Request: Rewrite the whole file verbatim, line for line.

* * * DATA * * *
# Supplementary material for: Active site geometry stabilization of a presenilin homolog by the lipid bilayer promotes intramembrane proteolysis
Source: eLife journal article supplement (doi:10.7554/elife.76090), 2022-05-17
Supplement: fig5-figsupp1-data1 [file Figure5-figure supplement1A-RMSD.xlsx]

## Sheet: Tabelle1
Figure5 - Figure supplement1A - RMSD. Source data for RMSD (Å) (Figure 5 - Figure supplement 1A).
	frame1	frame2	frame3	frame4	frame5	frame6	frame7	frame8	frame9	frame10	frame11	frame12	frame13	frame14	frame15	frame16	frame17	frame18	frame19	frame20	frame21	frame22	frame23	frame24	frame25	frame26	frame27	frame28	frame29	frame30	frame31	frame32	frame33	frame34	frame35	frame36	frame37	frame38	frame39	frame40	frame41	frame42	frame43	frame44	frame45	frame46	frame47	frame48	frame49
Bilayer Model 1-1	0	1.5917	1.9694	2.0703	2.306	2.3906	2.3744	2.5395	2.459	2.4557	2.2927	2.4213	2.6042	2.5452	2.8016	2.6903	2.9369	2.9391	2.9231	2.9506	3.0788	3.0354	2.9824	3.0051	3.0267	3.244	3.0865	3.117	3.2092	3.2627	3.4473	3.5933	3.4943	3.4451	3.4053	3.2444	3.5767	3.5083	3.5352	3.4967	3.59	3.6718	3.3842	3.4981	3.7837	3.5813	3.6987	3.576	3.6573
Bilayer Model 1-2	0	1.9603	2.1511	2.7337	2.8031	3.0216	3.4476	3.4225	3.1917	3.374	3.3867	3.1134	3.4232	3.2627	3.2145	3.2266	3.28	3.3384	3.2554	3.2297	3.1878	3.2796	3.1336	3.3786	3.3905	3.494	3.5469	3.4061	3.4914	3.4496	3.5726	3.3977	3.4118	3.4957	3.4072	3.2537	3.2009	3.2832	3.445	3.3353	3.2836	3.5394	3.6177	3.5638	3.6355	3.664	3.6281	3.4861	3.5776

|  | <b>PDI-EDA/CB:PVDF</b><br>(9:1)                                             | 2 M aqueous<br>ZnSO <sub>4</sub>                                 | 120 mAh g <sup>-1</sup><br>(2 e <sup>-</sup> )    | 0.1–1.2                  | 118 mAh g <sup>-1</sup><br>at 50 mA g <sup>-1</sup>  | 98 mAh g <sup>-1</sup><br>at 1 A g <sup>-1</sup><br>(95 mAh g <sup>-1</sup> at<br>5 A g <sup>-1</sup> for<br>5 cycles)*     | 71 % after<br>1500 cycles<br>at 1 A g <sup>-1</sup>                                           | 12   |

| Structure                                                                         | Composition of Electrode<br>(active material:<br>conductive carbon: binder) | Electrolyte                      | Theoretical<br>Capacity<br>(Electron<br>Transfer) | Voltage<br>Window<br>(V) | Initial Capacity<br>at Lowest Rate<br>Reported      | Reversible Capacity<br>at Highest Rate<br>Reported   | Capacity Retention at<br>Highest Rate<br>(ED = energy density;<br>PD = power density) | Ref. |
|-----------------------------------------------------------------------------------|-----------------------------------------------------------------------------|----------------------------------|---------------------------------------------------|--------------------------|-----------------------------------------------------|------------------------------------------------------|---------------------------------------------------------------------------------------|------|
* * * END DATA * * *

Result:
# Supplementary material for: Active site geometry stabilization of a presenilin homolog by the lipid bilayer promotes intramembrane proteolysis
Source: eLife journal article supplement (doi:10.7554/elife.76090), 2022-05-17
Supplement: fig5-figsupp1-data1 [file Figure5-figure supplement1A-RMSD.xlsx]

## Sheet: Tabelle1
Figure5 - Figure supplement1A - RMSD. Source data for RMSD (Å) (Figure 5 - Figure supplement 1A).
	frame1	frame2	frame3	frame4	frame5	frame6	frame7	frame8	frame9	frame10	frame11	frame12	frame13	frame14	frame15	frame16	frame17	frame18	frame19	frame20	frame21	frame22	frame23	frame24	frame25	frame26	frame27	frame28	frame29	frame30	frame31	frame32	frame33	frame34	frame35	frame36	frame37	frame38	frame39	frame40	frame41	frame42	frame43	frame44	frame45	frame46	frame47	frame48	frame49
Bilayer Model 1-1	0	1.5917	1.9694	2.0703	2.306	2.3906	2.3744	2.5395	2.459	2.4557	2.2927	2.4213	2.6042	2.5452	2.8016	2.6903	2.9369	2.9391	2.9231	2.9506	3.0788	3.0354	2.9824	3.0051	3.0267	3.244	3.0865	3.117	3.2092	3.2627	3.4473	3.5933	3.4943	3.4451	3.4053	3.2444	3.5767	3.5083	3.5352	3.4967	3.59	3.6718	3.3842	3.4981	3.7837	3.5813	3.6987	3.576	3.6573
Bilayer Model 1-2	0	1.9603	2.1511	2.7337	2.8031	3.0216	3.4476	3.4225	3.1917	3.374	3.3867	3.1134	3.4232	3.2627	3.2145	3.2266	3.28	3.3384	3.2554	3.2297	3.1878	3.2796	3.1336	3.3786	3.3905	3.494	3.5469	3.4061	3.4914	3.4496	3.5726	3.3977	3.4118	3.4957	3.4072	3.2537	3.2009	3.2832	3.445	3.3353	3.2836	3.5394	3.6177	3.5638	3.6355	3.664	3.6281	3.4861	3.5776

|  | <b>PDI-EDA/CB:PVDF</b><br>(9:1)                                             | 2 M aqueous<br>ZnSO <sub>4</sub>                                 | 120 mAh g <sup>-1</sup><br>(2 e <sup>-</sup> )    | 0.1–1.2                  | 118 mAh g <sup>-1</sup><br>at 50 mA g <sup>-1</sup>  | 98 mAh g <sup>-1</sup><br>at 1 A g <sup>-1</sup><br>(95 mAh g <sup>-1</sup> at<br>5 A g <sup>-1</sup> for<br>5 cycles)*     | 71 % after<br>1500 cycles<br>at 1 A g <sup>-1</sup>                                           | 12   |

| Structure                                                                         | Composition of Electrode<br>(active material:<br>conductive carbon: binder) | Electrolyte                      | Theoretical<br>Capacity<br>(Electron<br>Transfer) | Voltage<br>Window<br>(V) | Initial Capacity<br>at Lowest Rate<br>Reported      | Reversible Capacity<br>at Highest Rate<br>Reported   | Capacity Retention at<br>Highest Rate<br>(ED = energy density;<br>PD = power density) | Ref. |
|-----------------------------------------------------------------------------------|-----------------------------------------------------------------------------|----------------------------------|---------------------------------------------------|--------------------------|-----------------------------------------------------|------------------------------------------------------|---------------------------------------------------------------------------------------|------|